Actions Speak Louder than Words — A First Impression on Sign Language

In recent days, I decided to take a short break from learning words and sounds and stuff of our spoken languages and tried learning something different, signing, specifically American Sign Language, because that is the sign language where resources are very abundant (I know Singapore Sign Language exists as well but I don’t quite have the resources even though courses are there). I have wanted to learn some bits of Japanese Sign Language (JSL) due to its relatively high prevalence of finger-spelling.

Before starting this new learning experience I thought signing was essentially communicative charades; individual hand positions and motions to produce “words”. Other instances would include making hand shapes to signify letters, hence the term finger-spelling. As far as my knowledge goes, JSL features significantly more finger-spelling than ASL. One may say signing is quite simple as there are no sounds to be articulated, but the meaning of each sign changes depending on hand shape, position, manner of movement as well as facial expression.

Unlike spoken languages however, there’re no such things as conjugations and declensions, from what I have learnt so far. You don’t have these suffixes, affixes and prefixes to learn, but there is more to that. Communicating tense and aspect, as well as adverbs proved to be somewhat of a challenge. One example was the past tense. To say “I ate”, one has to sign “I finish eat” or somewhere along those lines. The inclusion of different verbs to change the tense and aspect is one special thing to take note of in sign language. Such particles may come in useful when communicating information when signing.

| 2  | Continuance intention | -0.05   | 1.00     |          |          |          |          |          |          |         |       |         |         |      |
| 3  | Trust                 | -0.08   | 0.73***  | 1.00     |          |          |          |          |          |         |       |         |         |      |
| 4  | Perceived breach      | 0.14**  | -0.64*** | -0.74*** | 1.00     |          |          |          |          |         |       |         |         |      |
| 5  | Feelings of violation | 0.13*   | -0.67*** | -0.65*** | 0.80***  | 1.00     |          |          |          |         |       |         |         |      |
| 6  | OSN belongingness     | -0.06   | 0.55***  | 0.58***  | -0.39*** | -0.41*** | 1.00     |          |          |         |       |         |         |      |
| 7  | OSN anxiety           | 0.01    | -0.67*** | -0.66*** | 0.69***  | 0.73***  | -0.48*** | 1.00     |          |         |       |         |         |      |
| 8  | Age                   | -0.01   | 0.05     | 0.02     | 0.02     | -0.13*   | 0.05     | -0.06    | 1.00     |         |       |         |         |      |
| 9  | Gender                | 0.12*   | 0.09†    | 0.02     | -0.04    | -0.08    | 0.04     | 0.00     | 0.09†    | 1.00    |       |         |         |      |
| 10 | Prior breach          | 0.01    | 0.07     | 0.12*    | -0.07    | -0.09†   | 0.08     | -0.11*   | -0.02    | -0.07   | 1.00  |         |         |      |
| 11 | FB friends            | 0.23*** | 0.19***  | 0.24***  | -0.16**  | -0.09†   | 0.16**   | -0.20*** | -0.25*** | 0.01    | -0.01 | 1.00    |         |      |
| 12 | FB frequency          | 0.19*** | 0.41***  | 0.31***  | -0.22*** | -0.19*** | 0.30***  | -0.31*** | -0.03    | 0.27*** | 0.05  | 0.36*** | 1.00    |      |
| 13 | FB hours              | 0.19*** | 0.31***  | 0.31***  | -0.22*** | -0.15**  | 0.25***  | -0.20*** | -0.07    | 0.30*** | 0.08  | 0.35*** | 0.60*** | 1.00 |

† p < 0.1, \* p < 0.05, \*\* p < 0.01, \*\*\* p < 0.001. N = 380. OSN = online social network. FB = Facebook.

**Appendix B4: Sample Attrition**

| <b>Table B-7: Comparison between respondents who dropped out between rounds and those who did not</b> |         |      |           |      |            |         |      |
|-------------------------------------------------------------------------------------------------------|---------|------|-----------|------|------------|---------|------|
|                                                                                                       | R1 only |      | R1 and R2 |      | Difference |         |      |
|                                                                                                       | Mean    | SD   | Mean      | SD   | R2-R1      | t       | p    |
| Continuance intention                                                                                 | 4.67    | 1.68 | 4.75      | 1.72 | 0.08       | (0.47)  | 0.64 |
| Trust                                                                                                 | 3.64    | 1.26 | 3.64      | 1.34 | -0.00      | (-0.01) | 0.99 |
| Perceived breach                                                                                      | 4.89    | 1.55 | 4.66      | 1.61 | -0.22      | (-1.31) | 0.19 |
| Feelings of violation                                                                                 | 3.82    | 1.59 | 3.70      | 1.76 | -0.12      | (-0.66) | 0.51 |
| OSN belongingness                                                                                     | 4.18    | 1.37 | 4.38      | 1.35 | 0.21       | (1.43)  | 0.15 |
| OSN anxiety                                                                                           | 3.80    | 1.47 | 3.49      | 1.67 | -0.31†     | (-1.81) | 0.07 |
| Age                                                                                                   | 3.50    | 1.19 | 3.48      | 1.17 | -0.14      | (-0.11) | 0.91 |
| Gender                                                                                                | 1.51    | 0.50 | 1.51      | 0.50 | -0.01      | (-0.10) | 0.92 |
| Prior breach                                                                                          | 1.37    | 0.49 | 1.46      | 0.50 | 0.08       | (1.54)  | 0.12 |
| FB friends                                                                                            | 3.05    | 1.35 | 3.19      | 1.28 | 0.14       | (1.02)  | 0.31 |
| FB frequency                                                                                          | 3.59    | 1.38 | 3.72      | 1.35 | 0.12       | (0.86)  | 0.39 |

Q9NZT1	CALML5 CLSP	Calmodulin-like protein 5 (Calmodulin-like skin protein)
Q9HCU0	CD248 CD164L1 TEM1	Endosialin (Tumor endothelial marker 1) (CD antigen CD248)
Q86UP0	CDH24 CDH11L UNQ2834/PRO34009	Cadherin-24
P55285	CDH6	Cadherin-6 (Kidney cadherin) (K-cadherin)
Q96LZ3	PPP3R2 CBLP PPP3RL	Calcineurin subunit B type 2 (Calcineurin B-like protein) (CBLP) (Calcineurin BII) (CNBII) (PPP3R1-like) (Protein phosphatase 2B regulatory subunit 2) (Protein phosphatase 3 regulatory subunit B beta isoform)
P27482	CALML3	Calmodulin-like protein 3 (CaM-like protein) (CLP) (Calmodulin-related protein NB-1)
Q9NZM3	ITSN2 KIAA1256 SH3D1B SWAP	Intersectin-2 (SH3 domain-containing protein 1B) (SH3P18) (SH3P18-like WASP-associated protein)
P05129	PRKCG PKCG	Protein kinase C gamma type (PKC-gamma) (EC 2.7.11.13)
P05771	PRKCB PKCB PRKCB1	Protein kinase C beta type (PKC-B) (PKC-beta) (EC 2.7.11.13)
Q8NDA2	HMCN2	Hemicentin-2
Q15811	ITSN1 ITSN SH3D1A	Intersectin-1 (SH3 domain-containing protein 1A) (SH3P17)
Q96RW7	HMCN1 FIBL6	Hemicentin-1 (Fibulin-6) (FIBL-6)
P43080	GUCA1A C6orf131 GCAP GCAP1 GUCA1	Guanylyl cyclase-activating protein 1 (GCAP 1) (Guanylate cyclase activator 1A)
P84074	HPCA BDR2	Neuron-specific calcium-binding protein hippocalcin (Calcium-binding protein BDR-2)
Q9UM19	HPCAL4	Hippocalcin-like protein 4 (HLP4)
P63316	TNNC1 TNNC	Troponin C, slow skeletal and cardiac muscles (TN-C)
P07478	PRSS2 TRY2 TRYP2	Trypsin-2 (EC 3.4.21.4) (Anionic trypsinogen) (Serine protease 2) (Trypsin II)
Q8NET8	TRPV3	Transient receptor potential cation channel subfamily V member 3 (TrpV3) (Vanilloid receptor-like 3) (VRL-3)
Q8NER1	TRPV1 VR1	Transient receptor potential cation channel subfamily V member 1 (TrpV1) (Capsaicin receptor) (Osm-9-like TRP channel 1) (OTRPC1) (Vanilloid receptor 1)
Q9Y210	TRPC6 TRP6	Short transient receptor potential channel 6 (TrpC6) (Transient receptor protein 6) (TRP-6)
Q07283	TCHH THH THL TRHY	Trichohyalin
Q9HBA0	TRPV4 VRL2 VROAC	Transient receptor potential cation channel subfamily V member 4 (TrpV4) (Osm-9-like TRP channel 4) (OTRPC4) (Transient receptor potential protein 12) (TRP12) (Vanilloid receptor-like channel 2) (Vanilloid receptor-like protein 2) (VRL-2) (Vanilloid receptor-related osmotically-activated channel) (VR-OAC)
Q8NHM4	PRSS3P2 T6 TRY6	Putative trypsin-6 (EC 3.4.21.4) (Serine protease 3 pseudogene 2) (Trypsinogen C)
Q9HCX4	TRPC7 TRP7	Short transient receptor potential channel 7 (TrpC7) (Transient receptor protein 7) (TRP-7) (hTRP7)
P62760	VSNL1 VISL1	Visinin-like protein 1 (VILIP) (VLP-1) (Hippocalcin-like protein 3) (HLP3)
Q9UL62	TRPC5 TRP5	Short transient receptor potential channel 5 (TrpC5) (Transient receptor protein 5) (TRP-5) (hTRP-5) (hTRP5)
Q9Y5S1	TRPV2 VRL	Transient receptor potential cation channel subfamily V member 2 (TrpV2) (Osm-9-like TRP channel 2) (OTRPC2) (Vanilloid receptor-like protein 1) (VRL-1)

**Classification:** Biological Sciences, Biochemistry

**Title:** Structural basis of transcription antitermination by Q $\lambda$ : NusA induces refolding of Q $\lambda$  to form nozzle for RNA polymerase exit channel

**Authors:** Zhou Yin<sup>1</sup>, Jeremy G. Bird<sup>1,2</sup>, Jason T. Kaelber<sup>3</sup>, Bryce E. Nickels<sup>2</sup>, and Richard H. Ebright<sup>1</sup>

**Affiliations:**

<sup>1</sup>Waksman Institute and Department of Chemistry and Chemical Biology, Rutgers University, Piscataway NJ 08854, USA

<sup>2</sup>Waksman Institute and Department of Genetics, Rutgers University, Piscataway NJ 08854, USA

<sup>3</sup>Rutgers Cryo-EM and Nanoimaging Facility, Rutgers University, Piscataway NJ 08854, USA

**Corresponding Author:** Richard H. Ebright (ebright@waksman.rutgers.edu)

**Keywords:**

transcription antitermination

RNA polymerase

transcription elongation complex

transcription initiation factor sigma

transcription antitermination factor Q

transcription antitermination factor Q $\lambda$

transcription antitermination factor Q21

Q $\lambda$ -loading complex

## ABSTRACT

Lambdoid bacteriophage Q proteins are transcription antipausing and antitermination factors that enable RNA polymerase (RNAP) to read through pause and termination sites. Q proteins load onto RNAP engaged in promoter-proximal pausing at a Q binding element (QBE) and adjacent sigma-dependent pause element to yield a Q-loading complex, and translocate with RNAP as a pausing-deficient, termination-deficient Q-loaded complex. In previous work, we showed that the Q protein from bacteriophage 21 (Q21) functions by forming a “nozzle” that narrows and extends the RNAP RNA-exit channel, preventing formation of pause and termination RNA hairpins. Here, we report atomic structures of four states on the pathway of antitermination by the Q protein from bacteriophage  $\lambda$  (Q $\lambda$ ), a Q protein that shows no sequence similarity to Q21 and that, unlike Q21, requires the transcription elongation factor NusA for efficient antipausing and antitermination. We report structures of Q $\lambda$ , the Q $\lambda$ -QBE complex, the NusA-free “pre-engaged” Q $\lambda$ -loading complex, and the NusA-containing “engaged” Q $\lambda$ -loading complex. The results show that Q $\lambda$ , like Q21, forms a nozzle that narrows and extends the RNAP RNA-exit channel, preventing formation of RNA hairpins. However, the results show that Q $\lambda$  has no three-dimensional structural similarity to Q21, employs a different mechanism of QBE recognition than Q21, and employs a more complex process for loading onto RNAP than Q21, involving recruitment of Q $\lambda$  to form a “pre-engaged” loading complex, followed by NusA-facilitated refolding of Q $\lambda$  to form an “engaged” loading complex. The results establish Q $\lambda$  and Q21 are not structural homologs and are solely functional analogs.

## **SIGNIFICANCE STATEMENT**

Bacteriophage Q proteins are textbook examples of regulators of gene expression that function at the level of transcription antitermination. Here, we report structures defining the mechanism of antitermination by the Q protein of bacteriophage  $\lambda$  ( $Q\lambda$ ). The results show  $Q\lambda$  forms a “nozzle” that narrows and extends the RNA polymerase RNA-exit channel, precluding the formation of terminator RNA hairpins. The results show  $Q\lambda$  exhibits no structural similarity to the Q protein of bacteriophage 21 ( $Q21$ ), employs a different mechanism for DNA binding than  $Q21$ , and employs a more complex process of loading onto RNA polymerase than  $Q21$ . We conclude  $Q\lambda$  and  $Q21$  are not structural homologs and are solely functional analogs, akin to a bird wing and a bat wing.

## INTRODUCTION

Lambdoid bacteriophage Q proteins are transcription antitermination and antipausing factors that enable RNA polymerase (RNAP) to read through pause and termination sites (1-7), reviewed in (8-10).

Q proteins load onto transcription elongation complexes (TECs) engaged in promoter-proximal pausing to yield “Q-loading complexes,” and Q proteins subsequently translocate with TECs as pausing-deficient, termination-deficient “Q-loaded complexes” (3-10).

Remembering how to sign stuff is also another challenge, as one can’t really just write down how to sign a word. In fact, most dictionaries use pictures with annotations, making personal note taking near impossible. There has been a variety of methods to transcribe the individual signs into letters, simple diagrams etc, but learning them in relation to the signing space would be much of a challenge. Thus, to make my learning experience easier, I guess it really boils down to practice makes perfect.

Signing does have its own limitations, as one has to be directly facing the viewer in order to communicate signs the most effectively, and that not many people are familiar with sign language. However, being able to communicate with the hearing or speaking-impaired would be an amazing achievement. Languages where no sounds, no phonemes nor phonetics exist, sign language truly is a case where actions literally speak louder than words.

PS: This is a short memoir of my first encounters at sign language. As I am still learning it, I think it would be nice to share your own learning experiences with sign languages (any) for those interested in them. I believe being able to sign would make a great impact in the hearing or speaking-impaired communities as communication barriers between us and them would be lifted.

One thought on “Actions Speak Louder than Words — A First Impression on Sign Language

  1. Hi I’m french, soon to be a french sign language interpreter and I just wanted to say that here (in France) the deaf community do not like to be call deaf mute (and personally I never met a deaf mute). You should hear them laugh and scream … that’s deafening πŸ˜‰
    Also what is astounding with this language is that it’s not international (even though there is kind of an international code), but IS universal ! The basics, the syntax in a sentence, are all quite the same whatever the SL you encounter. Therefore, when meeting a deaf person from another country, you can stil have a conversation πŸ™‚
    Anyway, thanks for your articles


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